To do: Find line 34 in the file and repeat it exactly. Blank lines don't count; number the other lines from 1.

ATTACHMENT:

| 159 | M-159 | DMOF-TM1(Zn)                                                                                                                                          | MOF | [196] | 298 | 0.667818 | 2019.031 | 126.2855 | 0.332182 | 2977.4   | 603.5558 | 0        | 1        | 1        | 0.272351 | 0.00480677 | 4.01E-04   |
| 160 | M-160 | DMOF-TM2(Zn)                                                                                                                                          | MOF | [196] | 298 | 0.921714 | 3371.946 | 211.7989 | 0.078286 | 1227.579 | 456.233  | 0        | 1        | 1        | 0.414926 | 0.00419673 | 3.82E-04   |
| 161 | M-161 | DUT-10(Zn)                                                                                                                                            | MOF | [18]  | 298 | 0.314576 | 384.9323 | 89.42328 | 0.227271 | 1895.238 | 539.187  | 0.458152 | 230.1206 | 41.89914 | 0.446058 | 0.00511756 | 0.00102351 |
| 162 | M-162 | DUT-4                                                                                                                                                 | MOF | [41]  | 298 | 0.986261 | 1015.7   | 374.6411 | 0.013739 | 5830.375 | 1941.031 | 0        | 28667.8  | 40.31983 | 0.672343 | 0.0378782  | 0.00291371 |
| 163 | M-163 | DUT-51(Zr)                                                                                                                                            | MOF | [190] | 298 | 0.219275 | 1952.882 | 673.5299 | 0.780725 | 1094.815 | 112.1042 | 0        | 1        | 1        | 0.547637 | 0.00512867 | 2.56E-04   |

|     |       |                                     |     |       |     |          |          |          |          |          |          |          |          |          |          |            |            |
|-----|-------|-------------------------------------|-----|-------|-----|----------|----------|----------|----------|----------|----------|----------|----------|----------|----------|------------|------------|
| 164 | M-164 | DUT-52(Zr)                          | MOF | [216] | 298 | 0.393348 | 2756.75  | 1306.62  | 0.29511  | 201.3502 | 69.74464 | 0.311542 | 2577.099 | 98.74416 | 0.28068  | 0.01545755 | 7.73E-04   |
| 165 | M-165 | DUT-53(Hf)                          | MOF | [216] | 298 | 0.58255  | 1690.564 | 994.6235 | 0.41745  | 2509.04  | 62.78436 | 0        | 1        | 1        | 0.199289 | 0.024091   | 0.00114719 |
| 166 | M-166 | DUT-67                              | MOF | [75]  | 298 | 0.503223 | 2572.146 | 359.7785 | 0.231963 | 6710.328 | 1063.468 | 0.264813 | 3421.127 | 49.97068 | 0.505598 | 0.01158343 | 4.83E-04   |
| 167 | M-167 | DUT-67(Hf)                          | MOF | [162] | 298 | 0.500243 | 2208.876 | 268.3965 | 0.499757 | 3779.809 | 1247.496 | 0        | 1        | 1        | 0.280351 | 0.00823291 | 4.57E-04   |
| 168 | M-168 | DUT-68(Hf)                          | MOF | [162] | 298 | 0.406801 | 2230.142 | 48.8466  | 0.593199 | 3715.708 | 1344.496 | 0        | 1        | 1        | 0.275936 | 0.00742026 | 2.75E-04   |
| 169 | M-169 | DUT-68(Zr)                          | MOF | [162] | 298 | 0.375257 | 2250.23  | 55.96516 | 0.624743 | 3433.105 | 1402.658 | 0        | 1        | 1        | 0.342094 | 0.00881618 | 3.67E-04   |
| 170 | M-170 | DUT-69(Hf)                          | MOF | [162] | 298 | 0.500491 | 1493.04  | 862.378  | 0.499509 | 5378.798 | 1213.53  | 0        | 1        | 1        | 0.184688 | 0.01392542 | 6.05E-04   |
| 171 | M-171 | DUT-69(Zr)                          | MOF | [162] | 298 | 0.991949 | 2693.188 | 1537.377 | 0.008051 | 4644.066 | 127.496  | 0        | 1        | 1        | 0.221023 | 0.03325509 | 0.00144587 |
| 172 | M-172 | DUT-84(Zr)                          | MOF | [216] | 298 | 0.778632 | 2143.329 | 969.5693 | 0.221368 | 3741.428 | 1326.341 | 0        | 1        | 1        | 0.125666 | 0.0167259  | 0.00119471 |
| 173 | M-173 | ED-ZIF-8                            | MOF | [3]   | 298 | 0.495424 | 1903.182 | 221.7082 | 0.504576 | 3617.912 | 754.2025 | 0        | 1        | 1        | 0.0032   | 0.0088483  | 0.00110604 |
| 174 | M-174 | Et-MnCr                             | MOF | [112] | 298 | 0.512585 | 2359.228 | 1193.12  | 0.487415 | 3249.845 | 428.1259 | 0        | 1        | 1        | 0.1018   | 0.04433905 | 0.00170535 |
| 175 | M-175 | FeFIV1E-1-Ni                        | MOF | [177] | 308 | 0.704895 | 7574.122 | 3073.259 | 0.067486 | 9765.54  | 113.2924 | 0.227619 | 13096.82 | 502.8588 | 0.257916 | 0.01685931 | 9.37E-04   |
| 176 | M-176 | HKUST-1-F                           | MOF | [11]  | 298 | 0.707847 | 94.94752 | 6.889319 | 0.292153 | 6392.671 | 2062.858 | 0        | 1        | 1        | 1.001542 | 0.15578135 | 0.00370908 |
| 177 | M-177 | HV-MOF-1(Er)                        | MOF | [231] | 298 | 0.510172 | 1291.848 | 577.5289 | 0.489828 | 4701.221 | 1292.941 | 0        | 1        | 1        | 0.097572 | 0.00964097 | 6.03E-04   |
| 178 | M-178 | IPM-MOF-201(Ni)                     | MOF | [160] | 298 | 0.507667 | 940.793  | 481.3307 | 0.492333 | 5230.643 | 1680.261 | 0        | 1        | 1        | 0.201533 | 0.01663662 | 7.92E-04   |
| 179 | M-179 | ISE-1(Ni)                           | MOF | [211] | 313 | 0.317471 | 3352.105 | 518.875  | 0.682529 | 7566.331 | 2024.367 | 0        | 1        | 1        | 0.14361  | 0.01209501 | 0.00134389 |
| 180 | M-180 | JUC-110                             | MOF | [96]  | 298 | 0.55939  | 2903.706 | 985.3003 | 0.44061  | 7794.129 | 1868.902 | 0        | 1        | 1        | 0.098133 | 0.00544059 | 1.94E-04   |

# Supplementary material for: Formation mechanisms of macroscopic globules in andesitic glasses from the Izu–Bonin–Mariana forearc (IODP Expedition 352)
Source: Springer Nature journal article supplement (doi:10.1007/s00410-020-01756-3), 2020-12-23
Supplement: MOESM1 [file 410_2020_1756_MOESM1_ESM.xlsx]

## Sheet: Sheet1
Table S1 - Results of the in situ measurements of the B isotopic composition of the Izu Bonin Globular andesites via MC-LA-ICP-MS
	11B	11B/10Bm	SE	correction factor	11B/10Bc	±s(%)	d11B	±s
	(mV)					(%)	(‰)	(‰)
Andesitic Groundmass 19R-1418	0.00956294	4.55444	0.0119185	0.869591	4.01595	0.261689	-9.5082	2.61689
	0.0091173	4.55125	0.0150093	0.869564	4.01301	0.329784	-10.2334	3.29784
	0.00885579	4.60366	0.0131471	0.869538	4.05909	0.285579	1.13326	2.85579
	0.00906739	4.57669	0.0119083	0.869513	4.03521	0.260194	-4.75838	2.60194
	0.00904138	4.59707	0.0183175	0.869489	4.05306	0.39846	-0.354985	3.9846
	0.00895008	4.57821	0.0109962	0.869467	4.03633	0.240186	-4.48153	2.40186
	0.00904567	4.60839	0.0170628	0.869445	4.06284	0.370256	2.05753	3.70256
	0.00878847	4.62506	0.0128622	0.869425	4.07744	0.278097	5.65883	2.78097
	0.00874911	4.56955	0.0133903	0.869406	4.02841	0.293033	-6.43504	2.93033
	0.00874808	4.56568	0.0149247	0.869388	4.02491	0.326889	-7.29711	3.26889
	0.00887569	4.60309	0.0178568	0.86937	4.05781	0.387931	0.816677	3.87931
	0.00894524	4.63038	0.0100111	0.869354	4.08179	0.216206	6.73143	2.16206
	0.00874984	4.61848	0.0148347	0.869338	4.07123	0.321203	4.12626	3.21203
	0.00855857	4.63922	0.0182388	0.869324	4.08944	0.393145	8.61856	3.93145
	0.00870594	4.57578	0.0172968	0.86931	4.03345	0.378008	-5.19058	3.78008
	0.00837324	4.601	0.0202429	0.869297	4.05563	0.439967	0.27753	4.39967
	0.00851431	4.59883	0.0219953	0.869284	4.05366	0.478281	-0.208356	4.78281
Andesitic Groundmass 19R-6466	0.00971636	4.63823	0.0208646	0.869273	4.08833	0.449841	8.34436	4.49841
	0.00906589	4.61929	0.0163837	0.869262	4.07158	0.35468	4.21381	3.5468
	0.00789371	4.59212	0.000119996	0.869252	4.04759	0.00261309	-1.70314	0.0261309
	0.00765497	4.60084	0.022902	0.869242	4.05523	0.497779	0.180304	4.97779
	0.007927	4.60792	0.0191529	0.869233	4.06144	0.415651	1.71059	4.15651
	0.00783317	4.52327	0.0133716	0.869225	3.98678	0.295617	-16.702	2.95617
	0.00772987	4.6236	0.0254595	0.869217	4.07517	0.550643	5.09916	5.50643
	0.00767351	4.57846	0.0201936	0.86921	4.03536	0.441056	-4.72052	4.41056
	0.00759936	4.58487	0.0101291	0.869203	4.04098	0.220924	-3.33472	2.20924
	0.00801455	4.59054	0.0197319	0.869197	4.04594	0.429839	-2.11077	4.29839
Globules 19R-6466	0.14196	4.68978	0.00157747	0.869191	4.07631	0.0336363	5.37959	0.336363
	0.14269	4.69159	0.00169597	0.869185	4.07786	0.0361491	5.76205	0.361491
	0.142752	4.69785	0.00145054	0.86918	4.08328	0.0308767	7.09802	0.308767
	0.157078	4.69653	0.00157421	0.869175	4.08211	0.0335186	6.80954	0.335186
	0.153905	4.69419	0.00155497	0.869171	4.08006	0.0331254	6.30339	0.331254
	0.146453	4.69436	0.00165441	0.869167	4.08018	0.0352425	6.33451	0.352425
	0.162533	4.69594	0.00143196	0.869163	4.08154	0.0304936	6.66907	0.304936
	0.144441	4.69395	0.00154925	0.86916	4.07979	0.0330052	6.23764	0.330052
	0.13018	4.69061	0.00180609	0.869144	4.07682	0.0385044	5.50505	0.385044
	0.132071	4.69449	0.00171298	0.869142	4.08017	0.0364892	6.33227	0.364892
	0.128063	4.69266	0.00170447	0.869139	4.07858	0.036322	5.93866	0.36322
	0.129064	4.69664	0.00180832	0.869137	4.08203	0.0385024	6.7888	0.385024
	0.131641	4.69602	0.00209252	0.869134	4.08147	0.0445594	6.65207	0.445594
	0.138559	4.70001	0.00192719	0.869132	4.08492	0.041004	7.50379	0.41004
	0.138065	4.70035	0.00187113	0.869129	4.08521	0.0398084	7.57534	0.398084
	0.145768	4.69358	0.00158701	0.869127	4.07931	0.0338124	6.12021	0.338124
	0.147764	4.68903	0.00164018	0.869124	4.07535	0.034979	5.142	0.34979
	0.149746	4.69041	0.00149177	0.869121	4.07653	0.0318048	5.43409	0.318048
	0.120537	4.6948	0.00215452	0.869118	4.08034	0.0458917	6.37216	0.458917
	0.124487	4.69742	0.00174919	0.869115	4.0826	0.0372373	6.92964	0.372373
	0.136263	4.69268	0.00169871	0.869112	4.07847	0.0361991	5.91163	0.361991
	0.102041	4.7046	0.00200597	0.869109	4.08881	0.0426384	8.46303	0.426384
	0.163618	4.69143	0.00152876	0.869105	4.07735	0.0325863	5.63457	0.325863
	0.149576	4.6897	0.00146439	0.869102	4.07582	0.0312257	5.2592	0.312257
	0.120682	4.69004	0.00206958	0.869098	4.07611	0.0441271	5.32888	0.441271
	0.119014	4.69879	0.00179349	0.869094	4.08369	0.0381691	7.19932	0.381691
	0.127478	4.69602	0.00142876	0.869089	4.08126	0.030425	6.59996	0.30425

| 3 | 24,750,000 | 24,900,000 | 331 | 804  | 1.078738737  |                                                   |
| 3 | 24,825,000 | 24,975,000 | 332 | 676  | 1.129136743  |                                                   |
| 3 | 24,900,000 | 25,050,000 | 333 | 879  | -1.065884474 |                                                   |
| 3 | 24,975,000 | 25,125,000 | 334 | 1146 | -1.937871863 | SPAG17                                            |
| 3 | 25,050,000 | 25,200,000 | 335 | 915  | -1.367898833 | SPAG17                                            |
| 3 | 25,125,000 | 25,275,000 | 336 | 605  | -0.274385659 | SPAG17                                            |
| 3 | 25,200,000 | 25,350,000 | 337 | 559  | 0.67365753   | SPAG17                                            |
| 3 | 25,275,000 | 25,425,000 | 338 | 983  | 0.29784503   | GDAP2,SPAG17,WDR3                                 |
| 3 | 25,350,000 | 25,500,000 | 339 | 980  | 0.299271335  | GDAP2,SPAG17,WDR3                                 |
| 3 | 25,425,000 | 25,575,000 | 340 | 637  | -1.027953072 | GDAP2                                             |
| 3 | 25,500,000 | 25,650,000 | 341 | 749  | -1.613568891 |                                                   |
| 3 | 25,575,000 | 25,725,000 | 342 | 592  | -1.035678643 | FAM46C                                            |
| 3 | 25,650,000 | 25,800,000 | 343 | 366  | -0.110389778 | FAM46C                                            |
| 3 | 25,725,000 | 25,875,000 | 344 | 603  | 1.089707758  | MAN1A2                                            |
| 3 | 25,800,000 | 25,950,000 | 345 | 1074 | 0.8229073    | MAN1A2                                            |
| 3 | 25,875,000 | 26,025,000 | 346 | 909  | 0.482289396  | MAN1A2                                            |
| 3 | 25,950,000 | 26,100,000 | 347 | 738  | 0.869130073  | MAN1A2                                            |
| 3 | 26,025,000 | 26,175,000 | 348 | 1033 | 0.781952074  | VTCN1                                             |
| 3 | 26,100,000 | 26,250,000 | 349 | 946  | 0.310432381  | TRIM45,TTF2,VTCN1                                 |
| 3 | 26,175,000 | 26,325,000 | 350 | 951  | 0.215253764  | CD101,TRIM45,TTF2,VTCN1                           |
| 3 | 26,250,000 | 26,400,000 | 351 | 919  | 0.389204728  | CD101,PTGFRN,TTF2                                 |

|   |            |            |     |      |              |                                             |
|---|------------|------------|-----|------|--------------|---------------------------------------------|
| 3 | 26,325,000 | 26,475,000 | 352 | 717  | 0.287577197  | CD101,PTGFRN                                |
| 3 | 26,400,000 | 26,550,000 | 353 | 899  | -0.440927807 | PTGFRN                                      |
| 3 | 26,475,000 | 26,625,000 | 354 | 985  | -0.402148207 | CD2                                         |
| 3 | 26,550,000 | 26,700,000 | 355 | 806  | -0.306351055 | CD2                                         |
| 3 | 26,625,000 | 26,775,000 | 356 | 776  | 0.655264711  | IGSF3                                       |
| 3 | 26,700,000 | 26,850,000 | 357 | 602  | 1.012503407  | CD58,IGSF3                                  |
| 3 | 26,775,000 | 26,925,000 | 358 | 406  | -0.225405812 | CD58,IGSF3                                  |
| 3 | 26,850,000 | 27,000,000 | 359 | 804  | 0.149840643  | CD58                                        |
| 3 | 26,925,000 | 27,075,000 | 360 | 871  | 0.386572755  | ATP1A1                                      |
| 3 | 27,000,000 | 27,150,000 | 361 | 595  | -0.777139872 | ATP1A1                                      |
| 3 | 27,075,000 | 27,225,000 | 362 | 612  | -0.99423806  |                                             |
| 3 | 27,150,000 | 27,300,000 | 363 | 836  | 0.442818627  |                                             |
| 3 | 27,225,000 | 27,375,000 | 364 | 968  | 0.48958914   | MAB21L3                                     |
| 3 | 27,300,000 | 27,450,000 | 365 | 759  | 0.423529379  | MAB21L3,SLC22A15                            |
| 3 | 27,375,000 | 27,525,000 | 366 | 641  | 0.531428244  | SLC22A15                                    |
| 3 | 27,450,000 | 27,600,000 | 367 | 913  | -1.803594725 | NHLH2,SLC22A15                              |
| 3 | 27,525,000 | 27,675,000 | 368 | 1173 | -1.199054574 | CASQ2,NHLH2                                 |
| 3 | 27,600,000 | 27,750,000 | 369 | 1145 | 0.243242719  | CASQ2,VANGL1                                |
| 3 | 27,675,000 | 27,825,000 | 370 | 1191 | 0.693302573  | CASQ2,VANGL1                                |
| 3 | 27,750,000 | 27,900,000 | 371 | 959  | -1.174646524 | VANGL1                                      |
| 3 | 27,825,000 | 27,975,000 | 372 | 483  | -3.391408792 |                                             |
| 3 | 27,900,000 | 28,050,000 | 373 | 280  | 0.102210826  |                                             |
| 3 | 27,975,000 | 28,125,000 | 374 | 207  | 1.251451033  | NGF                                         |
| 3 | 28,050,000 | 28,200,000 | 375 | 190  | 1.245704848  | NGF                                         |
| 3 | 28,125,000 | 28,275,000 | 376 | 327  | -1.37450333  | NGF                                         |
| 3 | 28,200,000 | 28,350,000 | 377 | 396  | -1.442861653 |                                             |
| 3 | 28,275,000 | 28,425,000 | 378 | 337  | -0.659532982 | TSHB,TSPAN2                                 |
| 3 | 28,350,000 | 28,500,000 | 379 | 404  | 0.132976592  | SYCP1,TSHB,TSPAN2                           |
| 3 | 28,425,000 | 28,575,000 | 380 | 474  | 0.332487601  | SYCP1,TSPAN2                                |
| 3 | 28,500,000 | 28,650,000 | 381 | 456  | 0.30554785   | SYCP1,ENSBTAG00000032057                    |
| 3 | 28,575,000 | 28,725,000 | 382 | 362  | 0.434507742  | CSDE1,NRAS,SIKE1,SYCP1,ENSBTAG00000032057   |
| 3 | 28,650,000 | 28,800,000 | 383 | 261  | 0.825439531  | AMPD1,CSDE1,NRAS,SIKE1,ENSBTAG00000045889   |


	0.00885579	4.60366	0.0131471	0.869538	4.05909	0.285579	1.13326	2.85579